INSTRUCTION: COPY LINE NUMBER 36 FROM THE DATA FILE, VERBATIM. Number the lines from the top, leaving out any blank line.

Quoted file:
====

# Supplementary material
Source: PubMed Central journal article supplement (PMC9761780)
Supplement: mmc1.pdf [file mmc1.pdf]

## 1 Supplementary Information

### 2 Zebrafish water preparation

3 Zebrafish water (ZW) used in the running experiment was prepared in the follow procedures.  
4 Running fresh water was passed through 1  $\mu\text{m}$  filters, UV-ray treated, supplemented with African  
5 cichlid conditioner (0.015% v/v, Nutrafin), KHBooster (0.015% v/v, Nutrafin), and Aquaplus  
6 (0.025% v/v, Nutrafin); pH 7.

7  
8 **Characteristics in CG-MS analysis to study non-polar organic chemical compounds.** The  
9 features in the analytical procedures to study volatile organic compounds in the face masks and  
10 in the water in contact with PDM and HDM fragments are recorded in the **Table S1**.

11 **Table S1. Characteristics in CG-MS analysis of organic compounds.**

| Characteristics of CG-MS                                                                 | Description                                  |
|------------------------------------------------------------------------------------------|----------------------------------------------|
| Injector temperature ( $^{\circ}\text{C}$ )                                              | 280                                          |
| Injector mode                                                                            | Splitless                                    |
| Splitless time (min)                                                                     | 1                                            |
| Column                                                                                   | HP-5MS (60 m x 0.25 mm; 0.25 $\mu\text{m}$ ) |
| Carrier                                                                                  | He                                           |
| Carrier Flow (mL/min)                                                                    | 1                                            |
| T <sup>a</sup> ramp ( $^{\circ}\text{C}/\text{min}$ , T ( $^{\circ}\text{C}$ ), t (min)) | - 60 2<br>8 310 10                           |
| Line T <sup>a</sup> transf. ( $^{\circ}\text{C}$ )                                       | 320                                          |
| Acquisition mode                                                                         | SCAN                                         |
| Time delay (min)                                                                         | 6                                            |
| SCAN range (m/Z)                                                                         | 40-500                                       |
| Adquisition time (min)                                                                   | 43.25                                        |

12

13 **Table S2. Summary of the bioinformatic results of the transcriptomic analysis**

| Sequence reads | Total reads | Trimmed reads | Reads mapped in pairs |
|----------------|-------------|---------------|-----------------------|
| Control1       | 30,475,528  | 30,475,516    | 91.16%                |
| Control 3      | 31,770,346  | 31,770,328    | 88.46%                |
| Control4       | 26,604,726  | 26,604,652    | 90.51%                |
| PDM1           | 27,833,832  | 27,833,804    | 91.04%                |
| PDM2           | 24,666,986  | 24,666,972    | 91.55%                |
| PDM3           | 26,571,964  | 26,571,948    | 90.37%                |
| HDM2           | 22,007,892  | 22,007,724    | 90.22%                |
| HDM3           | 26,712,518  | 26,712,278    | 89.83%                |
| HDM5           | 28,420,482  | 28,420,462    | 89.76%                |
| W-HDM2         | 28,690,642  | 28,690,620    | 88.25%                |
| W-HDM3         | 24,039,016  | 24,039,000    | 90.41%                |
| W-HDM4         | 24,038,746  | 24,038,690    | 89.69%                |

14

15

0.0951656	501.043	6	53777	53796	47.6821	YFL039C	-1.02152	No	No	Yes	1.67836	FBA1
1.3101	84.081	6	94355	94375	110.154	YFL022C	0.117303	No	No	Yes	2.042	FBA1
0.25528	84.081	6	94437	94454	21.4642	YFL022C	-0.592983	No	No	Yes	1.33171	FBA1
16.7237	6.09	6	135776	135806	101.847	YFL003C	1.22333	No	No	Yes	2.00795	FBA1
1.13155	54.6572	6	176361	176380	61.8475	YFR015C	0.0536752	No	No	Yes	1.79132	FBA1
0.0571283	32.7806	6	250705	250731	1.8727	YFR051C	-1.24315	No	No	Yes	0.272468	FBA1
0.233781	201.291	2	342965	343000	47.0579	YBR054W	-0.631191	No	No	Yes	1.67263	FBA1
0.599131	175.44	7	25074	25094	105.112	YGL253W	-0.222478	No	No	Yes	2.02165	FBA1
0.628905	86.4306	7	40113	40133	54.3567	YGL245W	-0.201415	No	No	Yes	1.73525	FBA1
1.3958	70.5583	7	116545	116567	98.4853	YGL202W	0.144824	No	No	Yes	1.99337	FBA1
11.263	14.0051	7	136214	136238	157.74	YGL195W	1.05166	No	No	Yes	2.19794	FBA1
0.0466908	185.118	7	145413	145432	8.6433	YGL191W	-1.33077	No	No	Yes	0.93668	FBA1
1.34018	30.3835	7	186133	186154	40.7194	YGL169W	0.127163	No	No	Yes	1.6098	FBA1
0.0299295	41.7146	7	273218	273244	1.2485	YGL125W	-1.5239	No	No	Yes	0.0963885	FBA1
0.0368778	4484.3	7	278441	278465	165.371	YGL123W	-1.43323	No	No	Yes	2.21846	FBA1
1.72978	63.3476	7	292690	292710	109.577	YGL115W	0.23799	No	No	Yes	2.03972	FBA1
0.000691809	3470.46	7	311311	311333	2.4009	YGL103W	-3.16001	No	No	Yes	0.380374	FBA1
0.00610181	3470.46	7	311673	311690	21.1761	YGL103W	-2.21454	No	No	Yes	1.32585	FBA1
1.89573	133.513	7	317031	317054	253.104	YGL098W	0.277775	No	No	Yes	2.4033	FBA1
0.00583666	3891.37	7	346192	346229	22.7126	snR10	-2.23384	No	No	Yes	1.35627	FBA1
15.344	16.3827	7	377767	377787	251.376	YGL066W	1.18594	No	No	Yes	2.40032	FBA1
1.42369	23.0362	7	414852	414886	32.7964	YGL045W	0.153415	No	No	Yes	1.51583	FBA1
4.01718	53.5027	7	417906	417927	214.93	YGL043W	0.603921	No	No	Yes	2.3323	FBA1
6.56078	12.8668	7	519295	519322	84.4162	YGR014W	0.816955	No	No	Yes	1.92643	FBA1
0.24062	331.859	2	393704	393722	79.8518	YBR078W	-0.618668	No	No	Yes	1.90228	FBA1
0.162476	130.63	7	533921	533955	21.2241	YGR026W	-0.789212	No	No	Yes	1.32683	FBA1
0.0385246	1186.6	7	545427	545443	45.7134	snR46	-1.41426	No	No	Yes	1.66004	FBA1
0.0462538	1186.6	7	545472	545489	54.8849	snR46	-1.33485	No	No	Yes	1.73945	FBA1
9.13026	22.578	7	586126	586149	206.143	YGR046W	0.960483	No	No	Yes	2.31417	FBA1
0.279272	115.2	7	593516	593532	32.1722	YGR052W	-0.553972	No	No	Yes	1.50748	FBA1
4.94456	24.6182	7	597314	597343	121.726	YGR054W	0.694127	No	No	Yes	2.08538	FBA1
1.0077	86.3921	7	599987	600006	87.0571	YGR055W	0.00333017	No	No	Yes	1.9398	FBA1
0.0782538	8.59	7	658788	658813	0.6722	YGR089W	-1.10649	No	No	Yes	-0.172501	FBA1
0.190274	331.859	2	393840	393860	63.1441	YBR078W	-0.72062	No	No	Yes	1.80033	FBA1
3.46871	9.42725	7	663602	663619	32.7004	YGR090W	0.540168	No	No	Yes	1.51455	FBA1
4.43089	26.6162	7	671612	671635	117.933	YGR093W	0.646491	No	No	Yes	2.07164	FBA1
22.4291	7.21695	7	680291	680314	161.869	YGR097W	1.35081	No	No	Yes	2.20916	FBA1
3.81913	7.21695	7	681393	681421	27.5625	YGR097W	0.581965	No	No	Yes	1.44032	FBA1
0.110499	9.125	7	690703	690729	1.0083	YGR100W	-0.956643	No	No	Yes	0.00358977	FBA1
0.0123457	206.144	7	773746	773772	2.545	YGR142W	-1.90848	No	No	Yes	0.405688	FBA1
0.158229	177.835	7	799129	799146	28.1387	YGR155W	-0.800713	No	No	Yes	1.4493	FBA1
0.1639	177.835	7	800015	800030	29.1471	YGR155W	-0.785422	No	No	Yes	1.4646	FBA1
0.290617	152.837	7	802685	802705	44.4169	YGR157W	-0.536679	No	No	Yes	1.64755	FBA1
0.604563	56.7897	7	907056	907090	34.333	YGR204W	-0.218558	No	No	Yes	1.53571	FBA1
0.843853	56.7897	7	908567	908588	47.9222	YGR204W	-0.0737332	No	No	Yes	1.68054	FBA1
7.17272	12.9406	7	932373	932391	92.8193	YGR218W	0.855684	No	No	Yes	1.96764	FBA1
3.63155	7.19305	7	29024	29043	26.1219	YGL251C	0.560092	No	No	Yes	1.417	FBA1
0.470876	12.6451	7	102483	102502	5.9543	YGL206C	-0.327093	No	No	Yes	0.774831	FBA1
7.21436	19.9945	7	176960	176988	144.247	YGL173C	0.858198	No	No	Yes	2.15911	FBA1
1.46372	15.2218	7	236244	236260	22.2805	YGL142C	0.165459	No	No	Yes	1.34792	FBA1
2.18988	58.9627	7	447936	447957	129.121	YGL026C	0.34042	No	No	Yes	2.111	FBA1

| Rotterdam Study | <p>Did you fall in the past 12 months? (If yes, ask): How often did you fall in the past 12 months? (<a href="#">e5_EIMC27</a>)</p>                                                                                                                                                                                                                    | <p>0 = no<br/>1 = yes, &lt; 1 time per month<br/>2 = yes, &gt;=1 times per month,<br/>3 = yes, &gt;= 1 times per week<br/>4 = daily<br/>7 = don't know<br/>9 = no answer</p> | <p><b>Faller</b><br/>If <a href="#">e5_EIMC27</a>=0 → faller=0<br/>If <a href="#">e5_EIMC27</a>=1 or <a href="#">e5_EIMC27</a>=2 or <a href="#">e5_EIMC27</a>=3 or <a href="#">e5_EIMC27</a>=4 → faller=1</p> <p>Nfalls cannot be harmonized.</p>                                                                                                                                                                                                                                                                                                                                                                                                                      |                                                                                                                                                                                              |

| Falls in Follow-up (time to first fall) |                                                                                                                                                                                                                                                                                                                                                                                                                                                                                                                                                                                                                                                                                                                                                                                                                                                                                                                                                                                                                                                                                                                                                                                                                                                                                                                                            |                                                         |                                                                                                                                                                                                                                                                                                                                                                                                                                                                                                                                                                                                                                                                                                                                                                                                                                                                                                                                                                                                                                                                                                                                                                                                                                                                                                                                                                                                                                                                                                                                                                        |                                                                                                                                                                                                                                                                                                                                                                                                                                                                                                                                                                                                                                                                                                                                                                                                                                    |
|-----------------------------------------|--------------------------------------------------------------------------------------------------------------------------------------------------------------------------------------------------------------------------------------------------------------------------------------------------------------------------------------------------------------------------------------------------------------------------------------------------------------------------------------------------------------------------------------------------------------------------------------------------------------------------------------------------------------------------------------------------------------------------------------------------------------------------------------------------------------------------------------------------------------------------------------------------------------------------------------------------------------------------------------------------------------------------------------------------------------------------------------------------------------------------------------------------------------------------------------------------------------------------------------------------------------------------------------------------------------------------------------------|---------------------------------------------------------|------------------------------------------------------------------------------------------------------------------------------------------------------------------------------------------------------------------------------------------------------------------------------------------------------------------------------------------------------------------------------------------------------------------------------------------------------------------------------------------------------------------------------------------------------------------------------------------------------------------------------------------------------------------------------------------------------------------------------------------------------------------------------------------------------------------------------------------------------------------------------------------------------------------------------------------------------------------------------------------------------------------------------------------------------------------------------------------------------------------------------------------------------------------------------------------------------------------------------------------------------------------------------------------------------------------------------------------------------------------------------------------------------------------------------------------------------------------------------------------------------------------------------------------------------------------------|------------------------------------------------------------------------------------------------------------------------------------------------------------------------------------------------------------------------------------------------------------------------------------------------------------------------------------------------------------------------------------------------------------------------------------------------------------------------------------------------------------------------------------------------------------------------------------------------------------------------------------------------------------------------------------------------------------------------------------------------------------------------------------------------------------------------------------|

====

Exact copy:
| PDM1           | 27,833,832  | 27,833,804    | 91.04%                |